A Pessimistic View On Creativity


In my intro to Creative Advertising class a few weeks ago, we watched a TED talk with Elizabeth Gilbert, writer of the popular novel Eat Pray Love, speaking about her belief that the general idea that a successful artist must be miserable in order to create great works is a major faux-pas our society has imagined and what immense pressure that can put on an individual. That day, I agreed with her silently, as I’m sure most of my happy-go lucky classmates did, but today after considering how I personally create, I have changed my mind. The original theory that an artist must be miserable or depressed or grieving is something that, in my opinion, is very true. There is a reason the great artists such as Hemingway and Van Gogh led tragic lives but created great works of art. There is a reason this dogma has been widely accepted.

I consider myself when I analyze this theory. I think of the times when I would sit down to write or draw or paint, and I think of what those times had in common or what significance the timing of those events where. I realized that whenever a boy broke my heart I would write devastating stories filled with my heartache that would encompass everything into beautiful cadences. Whenever I would feel like a failure I would beat out my anger with charcoal, leaving finger smudges everywhere I went for days. And whenever I felt that there was no reason to continue living, I would bury my soul into my work which would be better then anything I had ever created in times of peace of mind.

I believe that what makes an artist is the ability to understand pain at such a fundamental level that it reduces the person to nothing, leaving them only with an empty canvas. I can not think of one time when I created something beautiful when I was happy, which leads me to my next point.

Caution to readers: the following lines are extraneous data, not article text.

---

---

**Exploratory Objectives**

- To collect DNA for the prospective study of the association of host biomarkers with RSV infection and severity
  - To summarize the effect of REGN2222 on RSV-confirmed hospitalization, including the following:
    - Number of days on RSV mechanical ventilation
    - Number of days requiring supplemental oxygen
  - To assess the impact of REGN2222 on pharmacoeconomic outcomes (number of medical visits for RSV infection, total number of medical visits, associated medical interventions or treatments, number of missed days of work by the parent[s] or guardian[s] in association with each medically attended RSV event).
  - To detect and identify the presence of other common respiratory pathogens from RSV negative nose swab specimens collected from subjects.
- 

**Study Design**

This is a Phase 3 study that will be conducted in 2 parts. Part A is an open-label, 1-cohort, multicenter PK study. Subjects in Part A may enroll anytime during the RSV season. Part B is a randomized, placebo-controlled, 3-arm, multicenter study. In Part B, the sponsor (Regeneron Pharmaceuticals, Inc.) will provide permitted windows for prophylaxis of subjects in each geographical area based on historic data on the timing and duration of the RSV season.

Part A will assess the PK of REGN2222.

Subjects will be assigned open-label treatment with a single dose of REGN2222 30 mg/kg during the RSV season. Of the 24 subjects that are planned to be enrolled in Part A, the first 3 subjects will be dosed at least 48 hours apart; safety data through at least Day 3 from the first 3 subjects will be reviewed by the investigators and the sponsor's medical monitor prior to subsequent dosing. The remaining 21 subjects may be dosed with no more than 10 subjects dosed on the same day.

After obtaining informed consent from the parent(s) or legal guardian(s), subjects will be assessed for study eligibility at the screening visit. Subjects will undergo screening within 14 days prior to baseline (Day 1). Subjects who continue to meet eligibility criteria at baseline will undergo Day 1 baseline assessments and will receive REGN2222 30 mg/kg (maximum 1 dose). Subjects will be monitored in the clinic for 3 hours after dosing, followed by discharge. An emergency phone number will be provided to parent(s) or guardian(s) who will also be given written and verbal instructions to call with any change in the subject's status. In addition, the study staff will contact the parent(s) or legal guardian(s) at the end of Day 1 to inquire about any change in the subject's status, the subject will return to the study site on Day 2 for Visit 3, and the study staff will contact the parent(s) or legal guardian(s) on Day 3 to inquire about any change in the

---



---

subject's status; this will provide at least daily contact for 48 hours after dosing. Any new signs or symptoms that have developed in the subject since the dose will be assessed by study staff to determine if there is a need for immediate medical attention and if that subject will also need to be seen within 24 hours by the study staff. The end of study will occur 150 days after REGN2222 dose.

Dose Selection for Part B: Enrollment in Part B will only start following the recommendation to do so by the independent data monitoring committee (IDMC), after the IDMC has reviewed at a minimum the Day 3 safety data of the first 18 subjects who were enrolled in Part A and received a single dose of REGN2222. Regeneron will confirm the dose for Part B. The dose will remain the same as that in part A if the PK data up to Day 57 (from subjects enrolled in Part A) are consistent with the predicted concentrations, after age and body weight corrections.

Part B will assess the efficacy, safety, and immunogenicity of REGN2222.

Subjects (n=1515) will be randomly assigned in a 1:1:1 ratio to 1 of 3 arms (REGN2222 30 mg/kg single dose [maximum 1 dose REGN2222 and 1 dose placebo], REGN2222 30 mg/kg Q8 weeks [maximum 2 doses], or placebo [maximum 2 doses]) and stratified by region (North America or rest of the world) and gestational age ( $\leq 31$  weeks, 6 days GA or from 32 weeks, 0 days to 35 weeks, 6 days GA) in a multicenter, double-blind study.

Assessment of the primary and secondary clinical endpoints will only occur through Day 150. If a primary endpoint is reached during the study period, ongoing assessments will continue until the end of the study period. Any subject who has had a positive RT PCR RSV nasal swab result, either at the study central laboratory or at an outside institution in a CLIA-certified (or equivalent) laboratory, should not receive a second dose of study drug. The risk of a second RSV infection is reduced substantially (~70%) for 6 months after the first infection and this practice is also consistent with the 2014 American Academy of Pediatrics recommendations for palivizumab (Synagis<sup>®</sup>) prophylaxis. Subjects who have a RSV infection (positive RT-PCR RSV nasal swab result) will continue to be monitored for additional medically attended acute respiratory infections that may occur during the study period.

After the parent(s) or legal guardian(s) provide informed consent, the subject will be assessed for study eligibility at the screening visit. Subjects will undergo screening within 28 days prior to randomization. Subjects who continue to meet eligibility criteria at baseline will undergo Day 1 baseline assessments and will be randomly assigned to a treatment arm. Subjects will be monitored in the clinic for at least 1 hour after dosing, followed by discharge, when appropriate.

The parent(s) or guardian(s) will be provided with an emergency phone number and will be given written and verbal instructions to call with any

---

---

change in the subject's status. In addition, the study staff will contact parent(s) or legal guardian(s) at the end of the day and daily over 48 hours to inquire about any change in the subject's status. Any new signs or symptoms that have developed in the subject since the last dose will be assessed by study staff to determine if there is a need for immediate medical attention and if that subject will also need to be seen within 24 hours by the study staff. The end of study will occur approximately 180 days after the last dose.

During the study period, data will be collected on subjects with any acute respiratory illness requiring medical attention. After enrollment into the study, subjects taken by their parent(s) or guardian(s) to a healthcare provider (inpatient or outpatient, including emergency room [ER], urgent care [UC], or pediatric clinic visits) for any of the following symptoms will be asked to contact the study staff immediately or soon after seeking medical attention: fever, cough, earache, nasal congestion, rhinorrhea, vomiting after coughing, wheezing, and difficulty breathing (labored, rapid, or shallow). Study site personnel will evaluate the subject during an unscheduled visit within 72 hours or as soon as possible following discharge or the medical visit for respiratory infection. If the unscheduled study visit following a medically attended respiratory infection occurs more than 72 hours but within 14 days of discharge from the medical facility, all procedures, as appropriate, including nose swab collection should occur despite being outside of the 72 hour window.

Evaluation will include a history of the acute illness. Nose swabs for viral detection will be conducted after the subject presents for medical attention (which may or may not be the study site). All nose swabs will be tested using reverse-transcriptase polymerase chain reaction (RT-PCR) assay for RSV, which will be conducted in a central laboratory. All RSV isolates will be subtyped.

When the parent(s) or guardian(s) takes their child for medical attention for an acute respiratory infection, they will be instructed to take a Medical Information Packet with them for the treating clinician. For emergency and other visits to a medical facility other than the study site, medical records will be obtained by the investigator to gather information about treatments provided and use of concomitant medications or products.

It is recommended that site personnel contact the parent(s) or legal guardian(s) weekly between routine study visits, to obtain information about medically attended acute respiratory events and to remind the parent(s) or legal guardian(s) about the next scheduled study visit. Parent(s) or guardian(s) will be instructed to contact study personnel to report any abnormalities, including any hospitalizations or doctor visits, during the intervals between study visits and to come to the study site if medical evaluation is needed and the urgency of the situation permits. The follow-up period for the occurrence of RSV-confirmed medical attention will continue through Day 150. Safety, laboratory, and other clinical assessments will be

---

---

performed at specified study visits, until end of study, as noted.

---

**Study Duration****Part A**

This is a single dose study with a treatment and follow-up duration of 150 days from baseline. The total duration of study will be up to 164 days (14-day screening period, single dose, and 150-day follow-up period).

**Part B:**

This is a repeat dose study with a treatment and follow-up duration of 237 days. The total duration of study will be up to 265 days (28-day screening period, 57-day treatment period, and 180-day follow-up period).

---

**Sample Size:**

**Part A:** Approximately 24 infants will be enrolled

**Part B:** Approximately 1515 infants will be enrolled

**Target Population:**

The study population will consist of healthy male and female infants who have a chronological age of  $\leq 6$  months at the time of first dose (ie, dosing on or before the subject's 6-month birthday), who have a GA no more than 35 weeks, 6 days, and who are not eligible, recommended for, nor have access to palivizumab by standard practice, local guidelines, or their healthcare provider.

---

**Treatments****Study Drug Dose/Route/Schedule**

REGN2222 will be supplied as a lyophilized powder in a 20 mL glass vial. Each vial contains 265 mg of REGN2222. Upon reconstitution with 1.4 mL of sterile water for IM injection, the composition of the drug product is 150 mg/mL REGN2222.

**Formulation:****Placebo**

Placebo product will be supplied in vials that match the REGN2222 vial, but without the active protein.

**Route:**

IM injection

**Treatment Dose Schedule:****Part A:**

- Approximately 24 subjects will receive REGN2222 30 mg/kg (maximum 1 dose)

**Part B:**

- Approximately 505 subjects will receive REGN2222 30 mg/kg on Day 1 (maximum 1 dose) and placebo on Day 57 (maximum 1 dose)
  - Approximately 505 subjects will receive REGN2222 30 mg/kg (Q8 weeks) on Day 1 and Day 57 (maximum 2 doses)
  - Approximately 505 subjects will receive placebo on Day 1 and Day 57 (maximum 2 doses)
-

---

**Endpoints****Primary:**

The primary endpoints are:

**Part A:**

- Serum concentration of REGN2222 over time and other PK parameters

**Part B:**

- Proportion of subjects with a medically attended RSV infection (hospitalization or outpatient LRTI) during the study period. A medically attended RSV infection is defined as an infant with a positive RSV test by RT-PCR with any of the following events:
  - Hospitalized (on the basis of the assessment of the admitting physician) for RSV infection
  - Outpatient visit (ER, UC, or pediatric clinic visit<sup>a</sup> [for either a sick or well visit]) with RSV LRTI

When we are happy, we are in the moment. We do not reflect and think, “oh I was so happy yesterday and look I am again today.” Dredging up the past is something done out of misery not joy. When we are happy we fly through our days and everything is a whirl leaving no time for creative thought or process. There is no need to bury you soul onto a page because you are too caught up in the frivolity of the present. When our life is spiraling, we look to the past and dutifully reflect on what we did wrong and how things could have been, which is usually depressing; the idea that we can see 20/20 hindsight but have no control over our past mistakes. We are creatures of regret. We do not know how to move on when things look bleak so we retreat into ourselves, however, this process can often bring beautiful inspiring works of art.

I am not romanticizing misery among artists or justifying suicide, I am simply asking you to think: is this a stereotype or is this an evolutionary truth? It may seem that I am glorifying that act of ending a tortured life, however, I am merely suggesting that maybe understanding pain is the key to recognizing happiness and these tormented souls are the bridge between these two planes of existence. We do not create out of happiness, we create out of pain in order to release demons that occupy our heart and leave no room for light.